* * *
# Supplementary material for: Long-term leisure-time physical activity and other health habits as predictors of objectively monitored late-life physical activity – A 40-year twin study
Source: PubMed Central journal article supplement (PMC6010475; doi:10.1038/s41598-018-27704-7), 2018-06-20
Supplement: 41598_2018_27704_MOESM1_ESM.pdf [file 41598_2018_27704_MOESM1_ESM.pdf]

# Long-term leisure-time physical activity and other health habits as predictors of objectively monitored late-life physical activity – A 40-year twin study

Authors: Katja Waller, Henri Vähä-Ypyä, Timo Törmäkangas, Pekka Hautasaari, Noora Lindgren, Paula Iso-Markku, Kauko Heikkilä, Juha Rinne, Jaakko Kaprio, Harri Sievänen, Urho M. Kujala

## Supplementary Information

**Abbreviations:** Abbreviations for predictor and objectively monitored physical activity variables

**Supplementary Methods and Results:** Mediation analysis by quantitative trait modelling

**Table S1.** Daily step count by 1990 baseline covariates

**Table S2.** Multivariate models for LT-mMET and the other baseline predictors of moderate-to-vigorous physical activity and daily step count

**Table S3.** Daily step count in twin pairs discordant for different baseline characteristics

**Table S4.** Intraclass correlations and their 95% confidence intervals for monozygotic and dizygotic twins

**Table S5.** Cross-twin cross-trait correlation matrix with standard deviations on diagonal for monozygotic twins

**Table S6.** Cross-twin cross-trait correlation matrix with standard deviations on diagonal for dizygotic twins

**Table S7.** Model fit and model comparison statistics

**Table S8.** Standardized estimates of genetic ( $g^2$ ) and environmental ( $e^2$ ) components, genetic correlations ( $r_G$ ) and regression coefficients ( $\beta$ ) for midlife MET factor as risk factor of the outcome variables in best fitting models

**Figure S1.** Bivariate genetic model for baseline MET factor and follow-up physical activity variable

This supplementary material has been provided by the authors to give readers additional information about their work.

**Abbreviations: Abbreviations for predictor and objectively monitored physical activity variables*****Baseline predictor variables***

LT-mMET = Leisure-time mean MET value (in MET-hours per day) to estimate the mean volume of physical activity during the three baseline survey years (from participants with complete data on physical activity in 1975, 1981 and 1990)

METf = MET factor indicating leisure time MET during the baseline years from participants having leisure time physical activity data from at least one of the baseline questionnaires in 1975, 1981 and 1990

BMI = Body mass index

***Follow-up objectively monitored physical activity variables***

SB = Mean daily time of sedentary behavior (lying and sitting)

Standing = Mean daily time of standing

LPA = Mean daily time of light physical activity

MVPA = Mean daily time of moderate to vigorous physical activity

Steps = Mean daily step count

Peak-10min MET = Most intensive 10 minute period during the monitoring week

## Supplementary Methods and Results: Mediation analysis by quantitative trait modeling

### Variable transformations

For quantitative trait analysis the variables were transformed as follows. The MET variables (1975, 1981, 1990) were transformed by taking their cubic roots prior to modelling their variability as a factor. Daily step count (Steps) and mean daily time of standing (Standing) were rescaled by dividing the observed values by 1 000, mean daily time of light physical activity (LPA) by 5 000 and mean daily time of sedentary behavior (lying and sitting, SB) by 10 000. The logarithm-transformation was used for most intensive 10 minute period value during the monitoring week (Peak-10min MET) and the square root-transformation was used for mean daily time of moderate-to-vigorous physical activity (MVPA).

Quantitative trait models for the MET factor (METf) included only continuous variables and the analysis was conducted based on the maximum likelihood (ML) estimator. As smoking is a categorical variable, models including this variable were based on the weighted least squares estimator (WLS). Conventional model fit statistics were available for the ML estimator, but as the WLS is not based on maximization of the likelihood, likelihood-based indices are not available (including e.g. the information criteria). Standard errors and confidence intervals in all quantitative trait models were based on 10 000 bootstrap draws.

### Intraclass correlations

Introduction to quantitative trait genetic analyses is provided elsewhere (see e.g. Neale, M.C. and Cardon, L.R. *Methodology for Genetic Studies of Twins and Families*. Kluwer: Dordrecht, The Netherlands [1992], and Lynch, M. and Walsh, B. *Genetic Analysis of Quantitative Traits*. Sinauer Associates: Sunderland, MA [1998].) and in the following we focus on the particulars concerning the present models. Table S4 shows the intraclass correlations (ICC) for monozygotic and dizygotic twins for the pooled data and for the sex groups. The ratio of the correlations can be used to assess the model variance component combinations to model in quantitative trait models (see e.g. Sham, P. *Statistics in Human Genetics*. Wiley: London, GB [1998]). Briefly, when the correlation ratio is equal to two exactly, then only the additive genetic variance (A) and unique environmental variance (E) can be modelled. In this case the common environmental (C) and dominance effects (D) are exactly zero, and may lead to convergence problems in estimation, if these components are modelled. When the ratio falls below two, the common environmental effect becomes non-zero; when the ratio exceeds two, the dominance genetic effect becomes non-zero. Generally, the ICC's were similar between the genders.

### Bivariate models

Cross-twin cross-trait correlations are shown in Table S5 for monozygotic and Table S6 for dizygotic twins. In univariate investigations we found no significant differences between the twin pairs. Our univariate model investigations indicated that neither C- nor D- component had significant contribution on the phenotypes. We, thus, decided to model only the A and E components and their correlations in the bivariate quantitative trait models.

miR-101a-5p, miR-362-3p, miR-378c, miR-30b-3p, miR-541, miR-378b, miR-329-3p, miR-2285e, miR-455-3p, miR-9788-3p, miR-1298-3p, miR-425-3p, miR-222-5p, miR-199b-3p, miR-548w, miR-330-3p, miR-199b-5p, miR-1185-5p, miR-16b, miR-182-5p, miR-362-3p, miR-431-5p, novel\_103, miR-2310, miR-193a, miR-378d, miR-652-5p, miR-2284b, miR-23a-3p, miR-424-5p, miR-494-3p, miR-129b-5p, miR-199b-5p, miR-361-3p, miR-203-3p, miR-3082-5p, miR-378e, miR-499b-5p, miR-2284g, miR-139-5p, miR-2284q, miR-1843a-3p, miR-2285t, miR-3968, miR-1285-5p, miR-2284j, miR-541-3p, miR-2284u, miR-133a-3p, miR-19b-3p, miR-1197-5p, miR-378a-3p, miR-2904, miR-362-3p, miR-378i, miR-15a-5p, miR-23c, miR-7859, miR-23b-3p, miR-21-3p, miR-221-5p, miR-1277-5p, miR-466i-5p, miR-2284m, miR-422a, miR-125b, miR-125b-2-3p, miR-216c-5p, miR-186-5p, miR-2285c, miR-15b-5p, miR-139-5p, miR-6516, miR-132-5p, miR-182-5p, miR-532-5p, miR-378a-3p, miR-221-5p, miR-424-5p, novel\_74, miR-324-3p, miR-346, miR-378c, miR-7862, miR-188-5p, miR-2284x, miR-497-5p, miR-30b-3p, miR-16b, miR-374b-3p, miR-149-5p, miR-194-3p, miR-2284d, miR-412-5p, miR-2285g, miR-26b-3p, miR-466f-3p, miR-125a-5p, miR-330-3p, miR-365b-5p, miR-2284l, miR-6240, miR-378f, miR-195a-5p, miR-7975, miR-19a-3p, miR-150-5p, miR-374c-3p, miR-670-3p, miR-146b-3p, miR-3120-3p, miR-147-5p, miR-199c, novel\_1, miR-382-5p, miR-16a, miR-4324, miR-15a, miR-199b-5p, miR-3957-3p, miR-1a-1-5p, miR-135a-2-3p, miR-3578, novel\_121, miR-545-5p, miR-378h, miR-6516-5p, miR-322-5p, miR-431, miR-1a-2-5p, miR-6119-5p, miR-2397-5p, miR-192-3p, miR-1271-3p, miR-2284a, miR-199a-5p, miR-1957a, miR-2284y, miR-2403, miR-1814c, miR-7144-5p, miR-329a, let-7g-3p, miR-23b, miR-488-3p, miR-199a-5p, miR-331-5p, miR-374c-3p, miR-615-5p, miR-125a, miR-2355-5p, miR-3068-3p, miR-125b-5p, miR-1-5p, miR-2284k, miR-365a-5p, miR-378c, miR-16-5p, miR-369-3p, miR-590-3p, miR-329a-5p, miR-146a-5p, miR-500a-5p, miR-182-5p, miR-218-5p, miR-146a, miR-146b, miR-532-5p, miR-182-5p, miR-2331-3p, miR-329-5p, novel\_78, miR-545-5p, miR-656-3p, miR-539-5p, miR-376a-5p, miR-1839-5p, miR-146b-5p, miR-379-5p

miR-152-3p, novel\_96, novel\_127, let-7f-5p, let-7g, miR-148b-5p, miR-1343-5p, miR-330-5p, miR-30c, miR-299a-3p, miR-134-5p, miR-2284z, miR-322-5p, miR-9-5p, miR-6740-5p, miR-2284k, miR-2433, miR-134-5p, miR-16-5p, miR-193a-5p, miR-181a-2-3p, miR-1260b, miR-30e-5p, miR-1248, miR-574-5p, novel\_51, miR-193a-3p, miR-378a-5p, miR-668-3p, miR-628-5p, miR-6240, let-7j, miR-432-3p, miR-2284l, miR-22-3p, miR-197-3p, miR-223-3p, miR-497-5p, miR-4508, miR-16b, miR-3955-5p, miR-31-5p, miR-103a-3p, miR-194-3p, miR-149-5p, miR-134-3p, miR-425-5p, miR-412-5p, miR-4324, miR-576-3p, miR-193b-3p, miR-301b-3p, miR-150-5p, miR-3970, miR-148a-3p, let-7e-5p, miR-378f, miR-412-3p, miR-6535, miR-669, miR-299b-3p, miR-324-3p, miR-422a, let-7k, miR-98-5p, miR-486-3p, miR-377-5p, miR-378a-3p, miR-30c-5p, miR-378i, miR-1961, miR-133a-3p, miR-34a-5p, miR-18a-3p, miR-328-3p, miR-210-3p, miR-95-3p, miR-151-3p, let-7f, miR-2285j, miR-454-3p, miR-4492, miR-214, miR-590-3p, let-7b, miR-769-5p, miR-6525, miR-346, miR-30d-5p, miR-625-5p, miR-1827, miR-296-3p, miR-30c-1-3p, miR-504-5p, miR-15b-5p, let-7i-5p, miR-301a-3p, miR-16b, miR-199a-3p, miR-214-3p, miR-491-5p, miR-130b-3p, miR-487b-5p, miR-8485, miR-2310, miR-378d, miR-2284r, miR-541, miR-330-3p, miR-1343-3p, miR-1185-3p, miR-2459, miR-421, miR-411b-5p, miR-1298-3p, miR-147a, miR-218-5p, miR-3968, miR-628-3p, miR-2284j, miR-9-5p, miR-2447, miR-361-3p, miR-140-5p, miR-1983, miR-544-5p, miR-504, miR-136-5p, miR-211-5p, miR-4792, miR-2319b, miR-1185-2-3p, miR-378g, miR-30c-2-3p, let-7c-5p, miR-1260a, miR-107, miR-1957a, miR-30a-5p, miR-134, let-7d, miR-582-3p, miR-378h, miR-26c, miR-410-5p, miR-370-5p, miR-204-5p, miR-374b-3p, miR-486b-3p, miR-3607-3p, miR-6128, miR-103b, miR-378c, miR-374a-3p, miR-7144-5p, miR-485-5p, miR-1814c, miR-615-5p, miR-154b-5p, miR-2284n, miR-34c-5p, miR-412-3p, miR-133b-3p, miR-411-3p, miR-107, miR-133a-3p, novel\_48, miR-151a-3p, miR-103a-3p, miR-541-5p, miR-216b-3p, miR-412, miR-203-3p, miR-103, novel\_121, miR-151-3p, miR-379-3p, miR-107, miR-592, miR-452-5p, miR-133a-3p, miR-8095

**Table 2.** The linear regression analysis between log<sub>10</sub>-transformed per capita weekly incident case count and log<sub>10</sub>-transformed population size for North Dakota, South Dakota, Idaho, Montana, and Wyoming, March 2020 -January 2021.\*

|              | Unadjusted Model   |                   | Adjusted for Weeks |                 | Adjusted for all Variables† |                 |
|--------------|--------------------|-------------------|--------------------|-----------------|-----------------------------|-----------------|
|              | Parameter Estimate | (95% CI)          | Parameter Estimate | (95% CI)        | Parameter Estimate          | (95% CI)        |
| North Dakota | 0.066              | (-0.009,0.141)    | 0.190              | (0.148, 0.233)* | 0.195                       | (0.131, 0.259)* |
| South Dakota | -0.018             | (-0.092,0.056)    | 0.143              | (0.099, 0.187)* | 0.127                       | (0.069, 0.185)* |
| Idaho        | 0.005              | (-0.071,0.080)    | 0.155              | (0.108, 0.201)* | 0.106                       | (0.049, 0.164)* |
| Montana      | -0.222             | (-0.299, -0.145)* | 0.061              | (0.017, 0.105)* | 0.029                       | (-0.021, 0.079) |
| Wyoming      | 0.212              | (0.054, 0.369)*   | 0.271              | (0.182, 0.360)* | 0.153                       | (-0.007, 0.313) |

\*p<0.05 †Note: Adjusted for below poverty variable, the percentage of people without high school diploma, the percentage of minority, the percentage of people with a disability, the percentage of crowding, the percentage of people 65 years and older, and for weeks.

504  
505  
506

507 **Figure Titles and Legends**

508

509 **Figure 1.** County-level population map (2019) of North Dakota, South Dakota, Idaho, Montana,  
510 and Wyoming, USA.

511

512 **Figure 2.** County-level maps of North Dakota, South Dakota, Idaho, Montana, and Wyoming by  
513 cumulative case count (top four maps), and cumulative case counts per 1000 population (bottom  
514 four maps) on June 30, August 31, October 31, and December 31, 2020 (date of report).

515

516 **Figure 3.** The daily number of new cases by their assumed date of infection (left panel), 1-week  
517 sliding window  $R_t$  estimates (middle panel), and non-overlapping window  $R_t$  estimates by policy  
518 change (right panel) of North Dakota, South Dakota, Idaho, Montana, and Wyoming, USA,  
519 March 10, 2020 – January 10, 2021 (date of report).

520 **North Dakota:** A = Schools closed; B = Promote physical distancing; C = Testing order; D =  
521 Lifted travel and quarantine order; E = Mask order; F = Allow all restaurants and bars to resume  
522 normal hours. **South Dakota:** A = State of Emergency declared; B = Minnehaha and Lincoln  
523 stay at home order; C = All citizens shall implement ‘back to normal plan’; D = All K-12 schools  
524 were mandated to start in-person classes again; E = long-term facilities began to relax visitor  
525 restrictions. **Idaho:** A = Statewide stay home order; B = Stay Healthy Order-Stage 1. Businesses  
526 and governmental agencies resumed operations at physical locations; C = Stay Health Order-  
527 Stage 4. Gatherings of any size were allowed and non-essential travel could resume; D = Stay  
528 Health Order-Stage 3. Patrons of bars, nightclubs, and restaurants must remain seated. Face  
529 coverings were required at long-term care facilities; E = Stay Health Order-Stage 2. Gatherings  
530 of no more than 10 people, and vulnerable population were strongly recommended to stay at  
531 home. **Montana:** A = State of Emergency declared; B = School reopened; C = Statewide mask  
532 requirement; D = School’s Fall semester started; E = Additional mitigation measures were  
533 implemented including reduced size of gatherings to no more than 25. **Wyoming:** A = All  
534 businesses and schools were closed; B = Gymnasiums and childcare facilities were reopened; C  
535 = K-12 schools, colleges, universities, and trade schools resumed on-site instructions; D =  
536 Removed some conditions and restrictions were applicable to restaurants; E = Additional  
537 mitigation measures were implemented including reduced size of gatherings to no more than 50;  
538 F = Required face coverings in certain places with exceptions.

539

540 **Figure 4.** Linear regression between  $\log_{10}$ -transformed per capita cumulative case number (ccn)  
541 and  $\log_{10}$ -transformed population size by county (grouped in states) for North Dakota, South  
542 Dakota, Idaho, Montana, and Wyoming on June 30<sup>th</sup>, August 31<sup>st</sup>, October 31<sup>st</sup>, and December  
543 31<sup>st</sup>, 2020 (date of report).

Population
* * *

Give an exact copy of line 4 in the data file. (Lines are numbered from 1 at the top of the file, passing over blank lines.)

# Long-term leisure-time physical activity and other health habits as predictors of objectively monitored late-life physical activity – A 40-year twin study